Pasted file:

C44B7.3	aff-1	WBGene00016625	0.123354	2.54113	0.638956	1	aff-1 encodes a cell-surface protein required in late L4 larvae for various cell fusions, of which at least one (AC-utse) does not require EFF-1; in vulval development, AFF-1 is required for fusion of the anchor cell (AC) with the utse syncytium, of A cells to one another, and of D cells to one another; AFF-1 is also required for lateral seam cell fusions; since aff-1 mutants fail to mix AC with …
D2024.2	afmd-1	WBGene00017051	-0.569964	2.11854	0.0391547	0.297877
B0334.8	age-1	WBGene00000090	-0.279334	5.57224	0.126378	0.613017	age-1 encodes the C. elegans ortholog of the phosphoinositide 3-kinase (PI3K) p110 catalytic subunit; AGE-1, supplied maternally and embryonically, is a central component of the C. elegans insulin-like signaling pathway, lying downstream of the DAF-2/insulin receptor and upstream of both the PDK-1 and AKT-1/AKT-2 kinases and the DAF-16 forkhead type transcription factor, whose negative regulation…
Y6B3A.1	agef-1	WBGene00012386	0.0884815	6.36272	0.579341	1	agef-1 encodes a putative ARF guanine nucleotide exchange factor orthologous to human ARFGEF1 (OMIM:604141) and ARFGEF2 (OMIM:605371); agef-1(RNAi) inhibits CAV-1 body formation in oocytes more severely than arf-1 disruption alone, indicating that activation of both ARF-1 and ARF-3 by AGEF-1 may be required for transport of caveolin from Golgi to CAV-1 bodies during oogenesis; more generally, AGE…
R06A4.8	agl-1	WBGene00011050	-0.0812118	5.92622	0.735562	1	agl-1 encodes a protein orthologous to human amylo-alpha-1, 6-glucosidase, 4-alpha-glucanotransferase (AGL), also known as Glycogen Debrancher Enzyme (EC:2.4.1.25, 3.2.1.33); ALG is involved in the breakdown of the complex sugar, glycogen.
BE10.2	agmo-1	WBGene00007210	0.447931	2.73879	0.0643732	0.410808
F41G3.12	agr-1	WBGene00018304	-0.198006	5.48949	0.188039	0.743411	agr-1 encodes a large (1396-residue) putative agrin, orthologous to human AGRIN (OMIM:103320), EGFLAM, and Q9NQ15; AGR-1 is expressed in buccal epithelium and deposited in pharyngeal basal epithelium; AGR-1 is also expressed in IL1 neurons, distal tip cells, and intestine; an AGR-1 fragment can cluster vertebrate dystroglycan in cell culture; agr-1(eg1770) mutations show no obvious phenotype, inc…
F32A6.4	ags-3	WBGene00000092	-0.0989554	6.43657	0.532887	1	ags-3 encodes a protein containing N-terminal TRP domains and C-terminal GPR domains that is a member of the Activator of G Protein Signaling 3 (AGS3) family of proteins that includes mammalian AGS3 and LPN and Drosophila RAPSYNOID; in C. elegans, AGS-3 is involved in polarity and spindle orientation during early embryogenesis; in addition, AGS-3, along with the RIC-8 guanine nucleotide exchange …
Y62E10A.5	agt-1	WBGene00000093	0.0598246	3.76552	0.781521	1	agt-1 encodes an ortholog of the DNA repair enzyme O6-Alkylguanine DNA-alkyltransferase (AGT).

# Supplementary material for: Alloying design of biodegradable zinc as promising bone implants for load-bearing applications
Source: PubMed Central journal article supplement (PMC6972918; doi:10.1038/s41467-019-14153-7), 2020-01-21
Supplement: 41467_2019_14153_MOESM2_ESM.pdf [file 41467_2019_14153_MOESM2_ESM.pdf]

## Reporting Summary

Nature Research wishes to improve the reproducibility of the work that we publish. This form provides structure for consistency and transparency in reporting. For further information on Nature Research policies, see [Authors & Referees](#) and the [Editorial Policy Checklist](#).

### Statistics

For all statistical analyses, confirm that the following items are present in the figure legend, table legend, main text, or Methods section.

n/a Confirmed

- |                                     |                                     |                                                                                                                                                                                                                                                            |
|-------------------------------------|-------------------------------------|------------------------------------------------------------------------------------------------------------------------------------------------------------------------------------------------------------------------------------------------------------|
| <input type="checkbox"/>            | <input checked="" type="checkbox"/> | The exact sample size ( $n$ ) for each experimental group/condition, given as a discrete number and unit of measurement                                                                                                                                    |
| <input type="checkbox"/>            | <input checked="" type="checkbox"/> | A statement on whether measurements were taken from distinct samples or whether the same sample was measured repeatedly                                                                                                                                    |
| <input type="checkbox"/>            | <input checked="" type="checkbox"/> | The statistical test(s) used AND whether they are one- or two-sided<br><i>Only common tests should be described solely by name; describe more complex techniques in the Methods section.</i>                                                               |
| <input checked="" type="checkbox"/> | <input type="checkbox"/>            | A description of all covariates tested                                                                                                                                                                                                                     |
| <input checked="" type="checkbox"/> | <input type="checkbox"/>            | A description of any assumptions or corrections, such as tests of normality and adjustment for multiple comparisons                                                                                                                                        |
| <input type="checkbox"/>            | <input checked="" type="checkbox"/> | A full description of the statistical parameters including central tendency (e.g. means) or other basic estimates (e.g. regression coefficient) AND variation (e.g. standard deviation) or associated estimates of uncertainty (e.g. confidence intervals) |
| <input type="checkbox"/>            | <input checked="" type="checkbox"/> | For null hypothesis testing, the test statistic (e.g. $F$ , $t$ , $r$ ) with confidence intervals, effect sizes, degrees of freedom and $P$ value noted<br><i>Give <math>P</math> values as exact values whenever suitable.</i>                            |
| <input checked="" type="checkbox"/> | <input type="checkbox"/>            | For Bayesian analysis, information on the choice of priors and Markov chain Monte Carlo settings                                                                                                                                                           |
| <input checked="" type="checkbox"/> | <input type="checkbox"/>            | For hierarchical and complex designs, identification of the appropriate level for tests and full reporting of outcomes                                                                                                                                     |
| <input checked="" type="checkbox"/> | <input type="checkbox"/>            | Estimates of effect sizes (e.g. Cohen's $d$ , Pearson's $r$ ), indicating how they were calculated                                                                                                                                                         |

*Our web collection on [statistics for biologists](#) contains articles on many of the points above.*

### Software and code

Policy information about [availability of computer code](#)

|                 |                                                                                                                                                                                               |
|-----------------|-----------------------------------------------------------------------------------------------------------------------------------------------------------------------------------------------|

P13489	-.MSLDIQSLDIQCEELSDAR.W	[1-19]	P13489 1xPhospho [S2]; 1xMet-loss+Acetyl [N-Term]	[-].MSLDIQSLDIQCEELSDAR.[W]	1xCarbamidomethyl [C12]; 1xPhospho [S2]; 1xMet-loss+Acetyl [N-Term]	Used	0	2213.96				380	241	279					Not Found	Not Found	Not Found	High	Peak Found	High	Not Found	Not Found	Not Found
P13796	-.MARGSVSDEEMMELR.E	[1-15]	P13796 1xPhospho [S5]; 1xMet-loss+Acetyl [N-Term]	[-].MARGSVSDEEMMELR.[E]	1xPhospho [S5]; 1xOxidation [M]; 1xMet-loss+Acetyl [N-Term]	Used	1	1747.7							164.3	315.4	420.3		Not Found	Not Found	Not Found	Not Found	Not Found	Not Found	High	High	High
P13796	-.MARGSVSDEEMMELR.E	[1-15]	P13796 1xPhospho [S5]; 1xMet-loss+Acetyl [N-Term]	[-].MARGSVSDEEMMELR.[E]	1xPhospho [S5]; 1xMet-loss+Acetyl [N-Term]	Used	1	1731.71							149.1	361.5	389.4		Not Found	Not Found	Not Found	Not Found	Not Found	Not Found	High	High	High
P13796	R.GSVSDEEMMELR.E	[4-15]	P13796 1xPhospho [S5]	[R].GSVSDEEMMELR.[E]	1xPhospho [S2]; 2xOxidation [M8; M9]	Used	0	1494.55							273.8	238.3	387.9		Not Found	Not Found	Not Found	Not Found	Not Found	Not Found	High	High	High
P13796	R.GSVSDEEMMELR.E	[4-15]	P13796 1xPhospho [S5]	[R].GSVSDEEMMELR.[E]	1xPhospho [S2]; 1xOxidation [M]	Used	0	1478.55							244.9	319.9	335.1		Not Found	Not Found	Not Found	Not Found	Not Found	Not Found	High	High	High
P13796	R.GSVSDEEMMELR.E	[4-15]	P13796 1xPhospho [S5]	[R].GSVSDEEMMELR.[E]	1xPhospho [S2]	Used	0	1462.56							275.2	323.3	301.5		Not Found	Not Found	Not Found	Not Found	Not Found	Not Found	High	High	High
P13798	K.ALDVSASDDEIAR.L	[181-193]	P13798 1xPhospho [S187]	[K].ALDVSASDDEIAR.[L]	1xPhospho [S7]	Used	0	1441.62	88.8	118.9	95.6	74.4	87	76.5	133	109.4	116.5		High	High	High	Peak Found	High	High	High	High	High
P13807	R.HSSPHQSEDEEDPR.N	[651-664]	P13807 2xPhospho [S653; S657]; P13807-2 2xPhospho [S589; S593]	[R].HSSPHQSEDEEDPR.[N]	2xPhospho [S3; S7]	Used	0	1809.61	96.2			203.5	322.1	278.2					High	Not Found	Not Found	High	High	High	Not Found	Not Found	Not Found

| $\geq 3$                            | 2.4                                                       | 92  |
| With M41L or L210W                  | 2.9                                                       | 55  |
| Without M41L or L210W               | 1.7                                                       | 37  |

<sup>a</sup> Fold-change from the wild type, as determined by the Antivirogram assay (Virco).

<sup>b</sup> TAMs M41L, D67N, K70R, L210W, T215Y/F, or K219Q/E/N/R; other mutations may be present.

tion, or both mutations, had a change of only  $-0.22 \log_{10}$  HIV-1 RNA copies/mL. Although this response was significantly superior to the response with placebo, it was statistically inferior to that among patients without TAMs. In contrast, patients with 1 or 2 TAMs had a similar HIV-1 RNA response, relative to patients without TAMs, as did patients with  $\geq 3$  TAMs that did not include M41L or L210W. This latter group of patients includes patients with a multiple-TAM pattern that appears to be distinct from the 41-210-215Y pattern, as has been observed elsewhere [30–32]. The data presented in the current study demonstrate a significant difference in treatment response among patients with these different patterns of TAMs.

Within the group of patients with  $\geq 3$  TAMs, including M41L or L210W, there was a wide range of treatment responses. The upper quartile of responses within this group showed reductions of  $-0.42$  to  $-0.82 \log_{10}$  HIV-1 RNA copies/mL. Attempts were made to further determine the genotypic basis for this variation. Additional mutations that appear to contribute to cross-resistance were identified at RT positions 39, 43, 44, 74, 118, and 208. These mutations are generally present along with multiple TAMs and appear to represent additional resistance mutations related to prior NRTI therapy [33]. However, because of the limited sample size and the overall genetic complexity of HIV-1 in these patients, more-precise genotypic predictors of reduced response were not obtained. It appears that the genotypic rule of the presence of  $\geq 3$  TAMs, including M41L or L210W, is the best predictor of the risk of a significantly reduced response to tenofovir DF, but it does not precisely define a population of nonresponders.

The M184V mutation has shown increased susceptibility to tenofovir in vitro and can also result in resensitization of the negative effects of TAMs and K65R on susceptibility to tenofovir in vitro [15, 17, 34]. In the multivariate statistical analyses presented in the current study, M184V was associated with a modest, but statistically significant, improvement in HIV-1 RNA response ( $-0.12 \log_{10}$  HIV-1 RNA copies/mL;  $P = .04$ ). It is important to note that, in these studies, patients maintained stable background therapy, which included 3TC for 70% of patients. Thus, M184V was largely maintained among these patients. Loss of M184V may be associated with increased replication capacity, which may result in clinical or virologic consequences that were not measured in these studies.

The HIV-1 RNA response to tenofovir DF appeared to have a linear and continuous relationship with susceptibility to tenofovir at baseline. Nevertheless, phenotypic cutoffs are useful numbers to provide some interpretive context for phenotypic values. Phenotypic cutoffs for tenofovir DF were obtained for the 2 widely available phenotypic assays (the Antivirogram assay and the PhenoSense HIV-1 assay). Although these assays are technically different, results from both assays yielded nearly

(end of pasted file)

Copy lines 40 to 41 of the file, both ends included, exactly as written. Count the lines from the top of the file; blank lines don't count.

P13796	R.GSVSDEEMMELR.E	[4-15]	P13796 1xPhospho [S5]	[R].GSVSDEEMMELR.[E]	1xPhospho [S2]	Used	0	1462.56							275.2	323.3	301.5		Not Found	Not Found	Not Found	Not Found	Not Found	Not Found	High	High	High
P13798	K.ALDVSASDDEIAR.L	[181-193]	P13798 1xPhospho [S187]	[K].ALDVSASDDEIAR.[L]	1xPhospho [S7]	Used	0	1441.62	88.8	118.9	95.6	74.4	87	76.5	133	109.4	116.5		High	High	High	Peak Found	High	High	High	High	High